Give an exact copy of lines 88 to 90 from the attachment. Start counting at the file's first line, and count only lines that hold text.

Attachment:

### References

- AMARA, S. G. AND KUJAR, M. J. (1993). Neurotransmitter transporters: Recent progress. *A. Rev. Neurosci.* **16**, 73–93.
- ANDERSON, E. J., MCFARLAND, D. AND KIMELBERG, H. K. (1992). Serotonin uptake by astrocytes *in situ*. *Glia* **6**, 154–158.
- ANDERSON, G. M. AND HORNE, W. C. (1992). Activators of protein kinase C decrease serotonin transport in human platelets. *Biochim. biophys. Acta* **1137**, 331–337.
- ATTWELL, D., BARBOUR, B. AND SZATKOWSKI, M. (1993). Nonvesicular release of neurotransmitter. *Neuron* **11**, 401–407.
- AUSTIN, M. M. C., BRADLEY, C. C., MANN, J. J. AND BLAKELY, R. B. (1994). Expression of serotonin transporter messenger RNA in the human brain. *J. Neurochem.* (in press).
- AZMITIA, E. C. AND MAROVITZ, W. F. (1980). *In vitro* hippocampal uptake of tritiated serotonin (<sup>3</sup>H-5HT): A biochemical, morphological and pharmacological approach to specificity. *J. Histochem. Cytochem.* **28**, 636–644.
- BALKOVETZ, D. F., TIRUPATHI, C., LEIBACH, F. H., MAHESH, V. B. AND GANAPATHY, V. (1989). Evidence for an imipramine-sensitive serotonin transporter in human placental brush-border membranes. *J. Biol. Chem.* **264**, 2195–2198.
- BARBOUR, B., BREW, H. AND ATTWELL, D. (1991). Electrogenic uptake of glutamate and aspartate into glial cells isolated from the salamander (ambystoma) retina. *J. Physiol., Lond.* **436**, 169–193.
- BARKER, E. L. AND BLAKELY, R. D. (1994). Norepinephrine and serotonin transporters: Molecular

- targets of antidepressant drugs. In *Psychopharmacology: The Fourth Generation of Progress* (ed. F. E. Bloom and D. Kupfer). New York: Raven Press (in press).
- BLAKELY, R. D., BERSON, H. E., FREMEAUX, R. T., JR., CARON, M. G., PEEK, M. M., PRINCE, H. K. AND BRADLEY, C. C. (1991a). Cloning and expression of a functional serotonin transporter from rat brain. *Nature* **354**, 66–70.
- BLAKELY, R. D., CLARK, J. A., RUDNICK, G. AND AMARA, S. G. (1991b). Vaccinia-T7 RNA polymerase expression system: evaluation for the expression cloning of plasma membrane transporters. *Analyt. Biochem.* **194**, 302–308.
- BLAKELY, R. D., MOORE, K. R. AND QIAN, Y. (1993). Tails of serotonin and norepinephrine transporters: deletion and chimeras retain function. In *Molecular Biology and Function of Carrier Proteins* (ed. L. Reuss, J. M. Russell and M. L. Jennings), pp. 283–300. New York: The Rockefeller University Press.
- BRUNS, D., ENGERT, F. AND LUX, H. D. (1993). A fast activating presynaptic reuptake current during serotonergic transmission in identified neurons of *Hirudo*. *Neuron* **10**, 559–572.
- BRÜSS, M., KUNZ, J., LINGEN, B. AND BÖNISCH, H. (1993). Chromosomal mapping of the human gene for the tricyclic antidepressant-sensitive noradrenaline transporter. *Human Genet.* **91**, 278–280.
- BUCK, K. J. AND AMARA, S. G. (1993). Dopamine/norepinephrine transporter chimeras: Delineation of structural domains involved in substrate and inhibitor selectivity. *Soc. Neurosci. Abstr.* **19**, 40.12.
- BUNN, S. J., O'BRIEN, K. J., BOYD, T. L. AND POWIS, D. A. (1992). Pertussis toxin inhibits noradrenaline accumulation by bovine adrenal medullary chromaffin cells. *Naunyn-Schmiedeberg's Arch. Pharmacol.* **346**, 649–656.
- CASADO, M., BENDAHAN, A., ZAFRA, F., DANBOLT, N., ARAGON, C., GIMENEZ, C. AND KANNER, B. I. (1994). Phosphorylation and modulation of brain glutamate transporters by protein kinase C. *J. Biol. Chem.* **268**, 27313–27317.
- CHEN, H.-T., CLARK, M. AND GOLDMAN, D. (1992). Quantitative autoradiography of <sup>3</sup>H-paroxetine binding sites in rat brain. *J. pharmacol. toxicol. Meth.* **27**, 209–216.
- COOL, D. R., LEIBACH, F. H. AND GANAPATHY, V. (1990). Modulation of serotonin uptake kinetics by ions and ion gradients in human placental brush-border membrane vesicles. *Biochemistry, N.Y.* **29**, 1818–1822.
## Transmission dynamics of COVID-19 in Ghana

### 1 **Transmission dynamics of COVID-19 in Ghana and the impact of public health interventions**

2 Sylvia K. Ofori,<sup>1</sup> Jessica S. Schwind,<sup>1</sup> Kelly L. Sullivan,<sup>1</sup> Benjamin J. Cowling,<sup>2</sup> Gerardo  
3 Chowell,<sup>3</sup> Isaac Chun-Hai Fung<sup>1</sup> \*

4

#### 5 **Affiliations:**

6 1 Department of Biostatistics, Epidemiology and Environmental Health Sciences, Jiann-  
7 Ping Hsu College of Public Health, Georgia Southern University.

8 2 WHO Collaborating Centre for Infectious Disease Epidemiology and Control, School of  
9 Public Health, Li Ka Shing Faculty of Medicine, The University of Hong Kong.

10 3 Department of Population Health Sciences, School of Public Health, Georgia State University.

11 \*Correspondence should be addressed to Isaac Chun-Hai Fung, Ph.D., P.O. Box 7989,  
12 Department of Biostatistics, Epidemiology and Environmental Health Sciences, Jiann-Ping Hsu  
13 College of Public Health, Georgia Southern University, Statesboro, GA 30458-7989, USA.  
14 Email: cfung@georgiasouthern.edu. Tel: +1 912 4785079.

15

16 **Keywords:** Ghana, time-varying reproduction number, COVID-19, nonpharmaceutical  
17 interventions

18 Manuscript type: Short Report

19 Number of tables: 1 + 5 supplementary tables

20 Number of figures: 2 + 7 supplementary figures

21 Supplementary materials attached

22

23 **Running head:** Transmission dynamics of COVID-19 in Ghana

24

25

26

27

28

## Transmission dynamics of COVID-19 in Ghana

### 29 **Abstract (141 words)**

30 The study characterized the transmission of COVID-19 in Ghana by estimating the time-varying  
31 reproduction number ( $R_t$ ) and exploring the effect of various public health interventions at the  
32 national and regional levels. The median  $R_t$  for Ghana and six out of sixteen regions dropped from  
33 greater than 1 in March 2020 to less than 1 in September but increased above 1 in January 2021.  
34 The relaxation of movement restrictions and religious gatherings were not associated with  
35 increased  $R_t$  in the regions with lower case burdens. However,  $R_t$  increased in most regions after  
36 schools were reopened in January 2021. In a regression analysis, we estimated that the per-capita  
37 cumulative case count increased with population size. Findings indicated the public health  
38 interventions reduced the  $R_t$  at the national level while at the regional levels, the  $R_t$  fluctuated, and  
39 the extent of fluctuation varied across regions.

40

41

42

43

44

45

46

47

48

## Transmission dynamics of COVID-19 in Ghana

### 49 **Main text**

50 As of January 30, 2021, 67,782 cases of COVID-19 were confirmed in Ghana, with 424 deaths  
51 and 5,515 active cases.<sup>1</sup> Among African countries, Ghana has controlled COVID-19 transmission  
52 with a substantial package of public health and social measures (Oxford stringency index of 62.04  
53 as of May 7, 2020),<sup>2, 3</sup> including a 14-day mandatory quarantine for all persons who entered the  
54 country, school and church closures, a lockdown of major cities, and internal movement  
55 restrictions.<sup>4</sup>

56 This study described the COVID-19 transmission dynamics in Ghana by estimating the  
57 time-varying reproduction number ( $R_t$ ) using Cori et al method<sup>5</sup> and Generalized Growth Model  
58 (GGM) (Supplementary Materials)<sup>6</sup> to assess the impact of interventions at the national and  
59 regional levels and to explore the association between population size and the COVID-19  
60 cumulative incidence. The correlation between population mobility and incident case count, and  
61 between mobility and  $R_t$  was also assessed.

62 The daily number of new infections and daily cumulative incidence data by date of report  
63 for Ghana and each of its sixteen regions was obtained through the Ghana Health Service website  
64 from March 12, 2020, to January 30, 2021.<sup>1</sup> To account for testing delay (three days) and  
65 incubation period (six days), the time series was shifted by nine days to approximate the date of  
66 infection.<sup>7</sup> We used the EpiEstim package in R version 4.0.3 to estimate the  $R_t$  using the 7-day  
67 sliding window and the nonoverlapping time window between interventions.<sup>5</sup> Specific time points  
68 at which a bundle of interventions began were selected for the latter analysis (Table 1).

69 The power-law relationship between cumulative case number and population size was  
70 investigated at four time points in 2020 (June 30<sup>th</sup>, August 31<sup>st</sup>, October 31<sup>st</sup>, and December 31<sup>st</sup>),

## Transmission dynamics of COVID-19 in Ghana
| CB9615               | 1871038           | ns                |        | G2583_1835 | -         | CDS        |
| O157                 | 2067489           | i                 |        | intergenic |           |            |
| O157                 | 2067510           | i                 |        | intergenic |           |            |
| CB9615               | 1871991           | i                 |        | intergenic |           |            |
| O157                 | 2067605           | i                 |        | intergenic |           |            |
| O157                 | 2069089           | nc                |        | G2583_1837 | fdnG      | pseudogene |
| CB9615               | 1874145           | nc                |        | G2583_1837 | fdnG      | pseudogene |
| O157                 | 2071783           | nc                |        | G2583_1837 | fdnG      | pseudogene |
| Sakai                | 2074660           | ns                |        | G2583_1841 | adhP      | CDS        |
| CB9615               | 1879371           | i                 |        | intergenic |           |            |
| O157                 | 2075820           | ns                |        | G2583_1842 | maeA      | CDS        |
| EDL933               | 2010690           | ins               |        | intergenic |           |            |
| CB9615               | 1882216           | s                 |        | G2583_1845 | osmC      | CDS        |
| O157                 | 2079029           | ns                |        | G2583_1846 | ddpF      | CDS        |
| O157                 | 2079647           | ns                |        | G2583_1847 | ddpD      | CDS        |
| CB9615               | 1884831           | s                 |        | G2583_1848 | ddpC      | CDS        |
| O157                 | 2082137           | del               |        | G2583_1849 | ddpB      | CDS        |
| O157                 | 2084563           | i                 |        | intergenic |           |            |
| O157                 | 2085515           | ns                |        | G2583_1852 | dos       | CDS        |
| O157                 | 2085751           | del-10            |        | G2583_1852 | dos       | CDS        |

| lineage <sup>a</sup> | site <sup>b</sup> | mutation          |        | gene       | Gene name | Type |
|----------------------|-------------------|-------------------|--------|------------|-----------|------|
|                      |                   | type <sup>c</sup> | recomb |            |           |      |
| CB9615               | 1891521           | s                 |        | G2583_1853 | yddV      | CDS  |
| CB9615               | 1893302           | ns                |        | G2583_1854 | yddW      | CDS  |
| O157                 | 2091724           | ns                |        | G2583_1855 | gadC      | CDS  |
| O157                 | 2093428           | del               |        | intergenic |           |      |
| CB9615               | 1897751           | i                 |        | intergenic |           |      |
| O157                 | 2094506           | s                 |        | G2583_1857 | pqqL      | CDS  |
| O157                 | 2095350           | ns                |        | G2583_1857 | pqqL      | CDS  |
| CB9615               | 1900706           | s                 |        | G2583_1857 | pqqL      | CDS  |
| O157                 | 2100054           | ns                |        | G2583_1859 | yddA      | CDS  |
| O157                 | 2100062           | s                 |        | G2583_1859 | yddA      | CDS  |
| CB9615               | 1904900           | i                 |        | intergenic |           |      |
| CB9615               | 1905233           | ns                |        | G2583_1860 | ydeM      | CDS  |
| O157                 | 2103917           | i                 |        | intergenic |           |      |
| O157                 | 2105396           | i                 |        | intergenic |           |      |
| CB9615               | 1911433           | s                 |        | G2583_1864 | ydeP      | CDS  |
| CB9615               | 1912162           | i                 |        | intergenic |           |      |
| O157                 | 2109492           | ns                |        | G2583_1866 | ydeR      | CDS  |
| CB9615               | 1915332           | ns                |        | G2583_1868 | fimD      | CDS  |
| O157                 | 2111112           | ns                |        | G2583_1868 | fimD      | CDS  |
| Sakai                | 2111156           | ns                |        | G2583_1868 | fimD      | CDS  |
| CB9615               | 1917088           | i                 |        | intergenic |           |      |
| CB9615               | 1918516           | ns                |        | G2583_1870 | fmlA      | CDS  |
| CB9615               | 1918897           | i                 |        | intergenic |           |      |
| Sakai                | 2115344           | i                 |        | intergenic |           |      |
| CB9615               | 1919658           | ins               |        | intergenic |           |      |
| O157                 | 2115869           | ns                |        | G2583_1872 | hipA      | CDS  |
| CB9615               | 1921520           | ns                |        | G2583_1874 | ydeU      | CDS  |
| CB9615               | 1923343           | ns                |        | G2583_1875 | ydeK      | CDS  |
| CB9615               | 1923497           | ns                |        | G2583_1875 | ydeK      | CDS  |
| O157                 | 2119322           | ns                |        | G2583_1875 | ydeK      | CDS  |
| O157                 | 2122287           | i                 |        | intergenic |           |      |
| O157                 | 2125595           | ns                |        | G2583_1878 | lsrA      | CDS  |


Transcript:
64 from March 12, 2020, to January 30, 2021.<sup>1</sup> To account for testing delay (three days) and  
65 incubation period (six days), the time series was shifted by nine days to approximate the date of  
66 infection.<sup>7</sup> We used the EpiEstim package in R version 4.0.3 to estimate the  $R_t$  using the 7-day  